The SELFOC lens field of view, assuming 64 pixels/chip, and the staggered configurations of FIGS. 4 and 6 at the 63.4° angle would be about 5.60 mm in this embodiment. The lens arrangement is not limited to the above embodiments, and the invention is intended to encompass any equivalent arrangement known in the art.
To correct astigmatic imperfections associated with the edges of the field of view, correction of the power or exposure time of the pixels located near the edge of the field of view is performed. Correction generally takes the form of increased power with respect to pixels located toward the center of the field of view. However, correction is not limited to this method.
While the embodiments disclosed herein are preferred, it will be appreciated from this teaching that various alternatives, modifications, variations or improvements therein may be made by those skilled in the art that are within the scope of the invention, which is defined by the following claims.
|Cited Patent||Filing date||Publication date||Applicant||Title|
|US4419679 *||3 Jun 1980||6 Dec 1983||Benson, Inc.||Guadrascan styli for use in staggered recording head|
|US4536778 *||26 Oct 1982||20 Aug 1985||Agfa-Gevaert N.V.||Recording apparatus with modular LED array of higher production yield|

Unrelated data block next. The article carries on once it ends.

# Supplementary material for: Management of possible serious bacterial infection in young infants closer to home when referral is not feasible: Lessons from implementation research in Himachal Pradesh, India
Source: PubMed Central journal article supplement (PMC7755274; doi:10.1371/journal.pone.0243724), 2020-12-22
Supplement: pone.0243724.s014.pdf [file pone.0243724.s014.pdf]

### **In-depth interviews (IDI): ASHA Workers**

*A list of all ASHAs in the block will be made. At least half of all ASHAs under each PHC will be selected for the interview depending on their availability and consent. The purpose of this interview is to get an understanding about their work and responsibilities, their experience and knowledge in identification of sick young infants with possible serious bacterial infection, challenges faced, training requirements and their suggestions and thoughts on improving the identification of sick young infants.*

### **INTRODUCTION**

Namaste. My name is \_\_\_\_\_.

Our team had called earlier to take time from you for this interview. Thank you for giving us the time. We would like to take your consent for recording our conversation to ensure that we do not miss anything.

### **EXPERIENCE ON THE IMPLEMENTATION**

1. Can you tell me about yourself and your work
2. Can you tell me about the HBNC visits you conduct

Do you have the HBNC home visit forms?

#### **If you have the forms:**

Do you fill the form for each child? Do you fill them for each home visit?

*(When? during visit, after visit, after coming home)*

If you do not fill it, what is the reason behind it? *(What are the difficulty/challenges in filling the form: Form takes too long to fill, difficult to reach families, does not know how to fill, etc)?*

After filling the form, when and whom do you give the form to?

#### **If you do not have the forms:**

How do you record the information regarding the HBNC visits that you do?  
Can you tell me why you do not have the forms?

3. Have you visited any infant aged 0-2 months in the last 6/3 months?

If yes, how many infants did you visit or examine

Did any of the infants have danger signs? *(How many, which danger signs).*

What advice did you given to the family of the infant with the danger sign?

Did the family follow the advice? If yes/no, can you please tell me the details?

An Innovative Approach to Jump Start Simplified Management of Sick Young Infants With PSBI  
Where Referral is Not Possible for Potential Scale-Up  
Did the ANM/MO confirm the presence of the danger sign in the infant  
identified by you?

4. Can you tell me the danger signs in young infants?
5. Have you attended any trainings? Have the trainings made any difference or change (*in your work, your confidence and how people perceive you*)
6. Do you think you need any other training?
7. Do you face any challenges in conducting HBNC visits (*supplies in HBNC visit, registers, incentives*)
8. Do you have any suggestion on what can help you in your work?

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|US5081346 *||10 Jul 1990||14 Jan 1992||Sony Corporation||Solid state imaging device including a rod lens array|
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|Citing Patent||Filing date||Publication date||Applicant||Title|
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|US7125094||19 Dec 2003||24 Oct 2006||Xerox Corporation||Systems and methods for compensating for streaks in images|
|US7347525||28 Jun 2006||25 Mar 2008||Xerox Corporation||Systems and methods for compensating for streaks in images|
|US7758146||31 Jan 2008||20 Jul 2010||Xerox Corporation||Systems and methods for compensating for streaks in images|
|US20050134624 *||19 Dec 2003||23 Jun 2005||Xerox Corporation||Systems and methods for compensating for streaks in images|